When the combination of a browbeaten public and a cynical set of shareholders come together, bizarre things happen, and this morning is no exception as the FTSE 100 index has jumped an almost unbelievable 26.39 points this morning to a lofty 7,136 points.
How can this be? Surely Commissar Johnson has just unleashed his latest bombshell onto the entire business environment of the United Kingdom in his latest buzzword-infused delivery yesterday which signalled the extension of the draconian lockdown beyond the end date that he had previously promised.
On the face of it, it appears that Mr Johnson has managed to achieve his objective of destroying small to medium businesses in the short term, and eventually all privately held businesses regardless of size should this go on any longer, and eventually the entire British economy when the state runs out of the billions of pounds it has been spending on paying people to comply.
With regard to that particular subject, it would be fair to assume that the burden of keeping the public compliant by means of payment is about to create an even larger burden for companies, as furlough payments by the government are about to be reduced and companies will have to pay 10% of the furlough amount to staff who have not worked for over a year and are unlikely to return to the workplace.
My father, a refugee who arrived on the shores of a new land with $5 in his pocket and the clothes he wore, worked 6 days per week, 10 hours per day. He once told me that if you do not work for six months, you will never work again.
Now, 18 months have passed, and many of the furloughed staff have either emigrated to nations where there is no lockdown and where their efforts will be rewarded rather than thwarted or have taken up residence on the sofa under the false pretence that they will somehow be employable when their existing employer did not miss them for a year and a half.
Inefficiency in large corporations is at a high point, whilst efficiency in the heavily industrialized Asia Pacific region is as prominent as ever. Not a mask in sight, and no lockdowns. Chinese and Malaysian industry is literally gobbling up market share all over the world whilst the British are not allowed to operate their businesses to anywhere like full capacity, and in some industry, sectors are banned from operating in any capacity.
This morning, I spoke on Times Radio about the effect on the economy that the extension of the lockdown will likely have, and the focus in the general news channels today is once again on the hospitality sector, as its trade representatives say that it cannot sustain itself as an industry any longer with these absurd rules.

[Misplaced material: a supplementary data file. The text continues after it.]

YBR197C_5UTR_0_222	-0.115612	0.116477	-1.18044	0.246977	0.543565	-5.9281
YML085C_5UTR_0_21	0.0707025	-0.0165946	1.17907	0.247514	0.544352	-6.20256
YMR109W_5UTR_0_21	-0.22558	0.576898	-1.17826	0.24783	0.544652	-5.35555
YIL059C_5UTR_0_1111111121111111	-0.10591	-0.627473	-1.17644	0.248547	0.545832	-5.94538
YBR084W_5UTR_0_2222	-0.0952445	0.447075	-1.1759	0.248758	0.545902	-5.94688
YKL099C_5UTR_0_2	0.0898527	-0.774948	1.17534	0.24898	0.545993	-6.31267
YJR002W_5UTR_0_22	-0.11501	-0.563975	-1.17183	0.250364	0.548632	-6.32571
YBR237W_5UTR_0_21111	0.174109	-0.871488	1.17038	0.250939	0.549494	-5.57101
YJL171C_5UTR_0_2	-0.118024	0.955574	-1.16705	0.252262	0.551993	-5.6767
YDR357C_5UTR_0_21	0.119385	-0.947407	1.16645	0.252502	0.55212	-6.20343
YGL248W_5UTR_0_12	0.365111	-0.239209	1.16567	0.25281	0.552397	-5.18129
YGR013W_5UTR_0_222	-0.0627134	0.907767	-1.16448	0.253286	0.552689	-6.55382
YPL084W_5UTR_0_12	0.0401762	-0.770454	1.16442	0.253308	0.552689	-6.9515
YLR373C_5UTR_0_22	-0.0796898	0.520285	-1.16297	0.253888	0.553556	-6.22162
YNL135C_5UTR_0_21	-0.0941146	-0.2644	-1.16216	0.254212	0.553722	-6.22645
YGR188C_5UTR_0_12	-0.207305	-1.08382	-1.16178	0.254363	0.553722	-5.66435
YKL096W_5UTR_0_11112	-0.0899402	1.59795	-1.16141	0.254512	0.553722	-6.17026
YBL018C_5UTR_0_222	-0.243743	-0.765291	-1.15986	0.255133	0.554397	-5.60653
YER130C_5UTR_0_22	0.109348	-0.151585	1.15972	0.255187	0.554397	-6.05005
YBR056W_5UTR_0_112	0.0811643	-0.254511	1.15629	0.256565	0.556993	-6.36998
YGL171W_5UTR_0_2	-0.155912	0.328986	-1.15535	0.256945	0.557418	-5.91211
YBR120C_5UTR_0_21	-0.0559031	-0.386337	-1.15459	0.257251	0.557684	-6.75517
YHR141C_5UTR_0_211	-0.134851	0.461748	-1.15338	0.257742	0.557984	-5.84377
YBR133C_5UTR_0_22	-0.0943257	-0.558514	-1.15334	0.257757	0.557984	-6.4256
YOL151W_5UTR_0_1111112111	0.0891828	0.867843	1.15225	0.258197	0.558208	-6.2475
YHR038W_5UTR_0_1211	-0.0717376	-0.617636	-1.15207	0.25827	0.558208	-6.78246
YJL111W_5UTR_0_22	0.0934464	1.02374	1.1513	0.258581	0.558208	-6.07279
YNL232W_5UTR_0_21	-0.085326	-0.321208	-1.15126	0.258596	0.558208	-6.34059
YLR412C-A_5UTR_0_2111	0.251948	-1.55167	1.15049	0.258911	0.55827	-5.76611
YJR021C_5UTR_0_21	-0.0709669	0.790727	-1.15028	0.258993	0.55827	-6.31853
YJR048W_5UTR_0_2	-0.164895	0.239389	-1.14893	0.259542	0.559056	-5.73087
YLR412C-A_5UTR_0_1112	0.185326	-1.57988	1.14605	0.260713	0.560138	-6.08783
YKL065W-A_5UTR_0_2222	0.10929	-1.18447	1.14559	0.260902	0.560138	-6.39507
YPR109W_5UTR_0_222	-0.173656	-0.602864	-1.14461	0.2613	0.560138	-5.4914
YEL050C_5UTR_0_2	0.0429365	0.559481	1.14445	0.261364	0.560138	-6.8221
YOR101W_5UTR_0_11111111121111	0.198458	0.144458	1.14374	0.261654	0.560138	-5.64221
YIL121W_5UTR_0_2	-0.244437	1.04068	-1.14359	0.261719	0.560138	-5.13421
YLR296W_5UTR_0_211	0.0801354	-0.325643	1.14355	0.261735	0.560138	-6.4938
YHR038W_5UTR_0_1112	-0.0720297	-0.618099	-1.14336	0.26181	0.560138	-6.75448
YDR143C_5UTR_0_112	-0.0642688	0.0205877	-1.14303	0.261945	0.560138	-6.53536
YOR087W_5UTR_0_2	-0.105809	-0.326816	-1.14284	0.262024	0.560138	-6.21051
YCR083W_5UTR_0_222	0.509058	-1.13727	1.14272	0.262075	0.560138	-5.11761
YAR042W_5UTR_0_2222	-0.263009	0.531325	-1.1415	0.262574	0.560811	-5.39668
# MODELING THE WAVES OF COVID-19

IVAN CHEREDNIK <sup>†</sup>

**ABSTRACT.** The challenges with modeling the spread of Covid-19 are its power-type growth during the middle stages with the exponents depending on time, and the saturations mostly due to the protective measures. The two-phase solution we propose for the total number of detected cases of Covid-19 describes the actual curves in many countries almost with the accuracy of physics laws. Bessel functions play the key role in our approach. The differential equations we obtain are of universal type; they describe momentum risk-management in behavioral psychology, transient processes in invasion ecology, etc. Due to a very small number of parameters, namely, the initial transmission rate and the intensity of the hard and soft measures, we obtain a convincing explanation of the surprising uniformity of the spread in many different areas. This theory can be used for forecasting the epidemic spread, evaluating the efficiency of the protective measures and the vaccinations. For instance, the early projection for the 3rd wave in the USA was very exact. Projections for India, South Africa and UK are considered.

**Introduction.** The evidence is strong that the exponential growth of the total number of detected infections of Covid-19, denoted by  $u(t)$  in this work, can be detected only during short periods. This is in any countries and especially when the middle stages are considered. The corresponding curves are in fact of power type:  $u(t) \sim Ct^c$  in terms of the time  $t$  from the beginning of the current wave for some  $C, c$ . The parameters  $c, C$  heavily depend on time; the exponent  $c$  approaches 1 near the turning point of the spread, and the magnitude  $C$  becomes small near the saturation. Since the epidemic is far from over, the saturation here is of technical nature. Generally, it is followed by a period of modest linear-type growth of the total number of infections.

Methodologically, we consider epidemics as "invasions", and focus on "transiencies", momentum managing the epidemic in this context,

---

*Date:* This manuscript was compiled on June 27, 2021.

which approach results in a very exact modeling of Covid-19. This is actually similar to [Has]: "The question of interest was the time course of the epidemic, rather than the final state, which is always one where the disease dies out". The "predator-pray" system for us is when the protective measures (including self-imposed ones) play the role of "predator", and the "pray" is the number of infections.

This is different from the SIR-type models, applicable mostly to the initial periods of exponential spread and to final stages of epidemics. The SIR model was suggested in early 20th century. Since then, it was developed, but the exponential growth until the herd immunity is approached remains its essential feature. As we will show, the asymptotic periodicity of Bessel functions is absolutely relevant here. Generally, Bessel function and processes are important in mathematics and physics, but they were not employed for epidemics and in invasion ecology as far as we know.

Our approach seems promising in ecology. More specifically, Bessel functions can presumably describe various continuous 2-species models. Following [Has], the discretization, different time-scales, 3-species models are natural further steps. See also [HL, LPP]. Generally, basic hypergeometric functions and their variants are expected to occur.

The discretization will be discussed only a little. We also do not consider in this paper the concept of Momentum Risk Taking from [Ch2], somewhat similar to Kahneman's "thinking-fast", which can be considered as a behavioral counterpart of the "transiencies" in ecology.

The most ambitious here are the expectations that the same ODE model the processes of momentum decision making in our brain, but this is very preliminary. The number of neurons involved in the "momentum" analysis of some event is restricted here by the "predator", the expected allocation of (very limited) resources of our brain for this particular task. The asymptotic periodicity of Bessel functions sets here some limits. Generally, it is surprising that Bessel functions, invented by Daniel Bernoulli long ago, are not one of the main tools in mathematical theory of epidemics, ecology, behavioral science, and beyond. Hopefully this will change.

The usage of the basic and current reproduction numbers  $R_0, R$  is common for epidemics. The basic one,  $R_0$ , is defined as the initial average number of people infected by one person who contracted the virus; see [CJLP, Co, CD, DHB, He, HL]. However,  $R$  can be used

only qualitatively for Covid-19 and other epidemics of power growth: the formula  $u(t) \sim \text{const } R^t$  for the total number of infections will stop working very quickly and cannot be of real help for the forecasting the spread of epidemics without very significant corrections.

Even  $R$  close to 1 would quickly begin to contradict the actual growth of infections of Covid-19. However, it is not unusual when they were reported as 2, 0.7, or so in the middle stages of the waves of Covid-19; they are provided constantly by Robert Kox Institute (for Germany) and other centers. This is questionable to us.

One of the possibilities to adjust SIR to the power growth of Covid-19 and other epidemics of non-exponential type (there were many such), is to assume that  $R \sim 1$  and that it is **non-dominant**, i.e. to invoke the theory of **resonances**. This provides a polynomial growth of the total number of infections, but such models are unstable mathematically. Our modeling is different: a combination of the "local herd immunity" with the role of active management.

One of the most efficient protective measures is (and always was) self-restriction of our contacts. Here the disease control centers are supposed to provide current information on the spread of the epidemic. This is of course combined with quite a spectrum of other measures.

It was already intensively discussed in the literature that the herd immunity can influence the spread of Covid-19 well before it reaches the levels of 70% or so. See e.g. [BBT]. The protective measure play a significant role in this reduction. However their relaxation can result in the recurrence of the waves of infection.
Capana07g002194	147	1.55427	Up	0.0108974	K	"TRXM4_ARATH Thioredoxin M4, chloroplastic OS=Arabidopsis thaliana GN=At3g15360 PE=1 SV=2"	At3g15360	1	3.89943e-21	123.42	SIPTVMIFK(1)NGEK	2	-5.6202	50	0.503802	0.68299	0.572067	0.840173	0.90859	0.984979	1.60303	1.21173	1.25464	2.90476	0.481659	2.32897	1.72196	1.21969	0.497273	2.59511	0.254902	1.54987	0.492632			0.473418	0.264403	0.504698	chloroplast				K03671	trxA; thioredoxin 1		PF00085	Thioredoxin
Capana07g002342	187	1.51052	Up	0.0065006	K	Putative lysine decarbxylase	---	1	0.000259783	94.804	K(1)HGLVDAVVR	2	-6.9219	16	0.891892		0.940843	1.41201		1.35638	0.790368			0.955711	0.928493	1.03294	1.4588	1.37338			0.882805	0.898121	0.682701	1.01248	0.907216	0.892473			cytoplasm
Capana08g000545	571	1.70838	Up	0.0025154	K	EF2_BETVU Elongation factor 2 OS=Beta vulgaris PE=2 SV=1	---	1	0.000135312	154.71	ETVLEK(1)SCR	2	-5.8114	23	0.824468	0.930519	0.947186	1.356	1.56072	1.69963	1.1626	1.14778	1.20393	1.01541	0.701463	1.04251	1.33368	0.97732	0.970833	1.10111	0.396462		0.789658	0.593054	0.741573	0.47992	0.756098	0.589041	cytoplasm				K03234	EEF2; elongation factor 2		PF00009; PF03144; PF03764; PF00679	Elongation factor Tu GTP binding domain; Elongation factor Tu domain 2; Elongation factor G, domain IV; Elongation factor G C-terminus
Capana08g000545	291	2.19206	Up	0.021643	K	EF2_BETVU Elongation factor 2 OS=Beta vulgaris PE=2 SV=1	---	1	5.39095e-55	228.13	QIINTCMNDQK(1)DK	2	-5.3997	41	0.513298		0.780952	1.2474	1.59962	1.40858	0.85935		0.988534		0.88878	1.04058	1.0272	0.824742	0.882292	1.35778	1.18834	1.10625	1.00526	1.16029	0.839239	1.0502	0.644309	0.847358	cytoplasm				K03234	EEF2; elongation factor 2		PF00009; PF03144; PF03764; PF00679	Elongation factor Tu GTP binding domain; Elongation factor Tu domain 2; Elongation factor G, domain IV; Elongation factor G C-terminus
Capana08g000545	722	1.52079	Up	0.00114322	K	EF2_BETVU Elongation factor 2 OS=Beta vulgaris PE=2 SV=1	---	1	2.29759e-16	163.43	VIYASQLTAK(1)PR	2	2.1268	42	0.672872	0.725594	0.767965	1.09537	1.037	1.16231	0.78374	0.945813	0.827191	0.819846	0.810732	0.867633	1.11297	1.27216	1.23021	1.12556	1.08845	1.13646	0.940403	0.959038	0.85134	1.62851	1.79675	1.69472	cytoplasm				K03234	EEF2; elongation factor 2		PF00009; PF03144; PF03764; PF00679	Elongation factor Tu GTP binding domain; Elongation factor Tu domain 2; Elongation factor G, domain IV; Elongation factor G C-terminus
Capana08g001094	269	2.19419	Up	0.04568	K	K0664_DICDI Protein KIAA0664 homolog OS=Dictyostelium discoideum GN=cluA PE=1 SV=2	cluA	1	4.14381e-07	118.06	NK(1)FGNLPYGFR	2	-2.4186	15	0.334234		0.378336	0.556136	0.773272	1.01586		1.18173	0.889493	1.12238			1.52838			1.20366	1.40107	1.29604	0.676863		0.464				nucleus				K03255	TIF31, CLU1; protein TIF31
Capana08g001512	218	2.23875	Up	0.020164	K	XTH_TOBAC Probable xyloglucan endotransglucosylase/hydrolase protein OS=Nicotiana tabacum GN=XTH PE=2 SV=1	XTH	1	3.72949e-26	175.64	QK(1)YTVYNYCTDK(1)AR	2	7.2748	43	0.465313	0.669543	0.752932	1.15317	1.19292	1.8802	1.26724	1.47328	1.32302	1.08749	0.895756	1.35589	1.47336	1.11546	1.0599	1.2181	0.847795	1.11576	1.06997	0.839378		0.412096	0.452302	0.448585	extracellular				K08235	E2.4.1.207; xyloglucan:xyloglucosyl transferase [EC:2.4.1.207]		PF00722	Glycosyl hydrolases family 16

That may well be true, and perhaps is relevant for many businesses which are owned by smaller entities and rely on customer footfall rather than online services, however the stock market is rocketing, and the British Pound is stable, and high.
Why is that?
The reason is that the overall sentiment these days differs from that of a year ago. Now the penny has finally dropped and people are beginning to see this for what it really is, and therefore are expecting lockdowns and extended restrictions, therefore economists are factoring it into their predictions and investing strategies.
No longer is the government able to create fear and panic as it did in March 2020. It was always astonishing to see people loading up with bathroom tissue and dried pasta, just because a man on the television had said that there was a 'life-threatening' menace.
Back then, the economy collapsed almost immediately, and a huge number of people believed they were sacrificing the shirt off their back and every last penny that they had ever worked for in case the entire world catches a cold.
Now, the commentary is totally different and the working population, investors and shareholders, business owners and large corporate governors can foresee what the government has been describing as 'the new normal' - especially when research is done on forthcoming tenders which show that Hertfordshire Council has been looking for a consultancy to provide 'Covid Marshalls' - whatever that is - until 2023 on a renewable basis.
A good dose of wisdom and British pragmatism which is the combination of sound mindsets that led to Britain having invented almost every piece of modern technology that powered the world through the industrial revolution has now permeated the business world and a longer term view is being taken.
No matter what the government says, it is clearly a case of 'Keep Calm and Carry On'.
Perhaps what may happen is that small businesses will either consolidate or go out of business, and large publicly listed giants with close connections to the government could continue to prosper, hence the upturn in the FTSE 100 index and the Pound's buoyancy.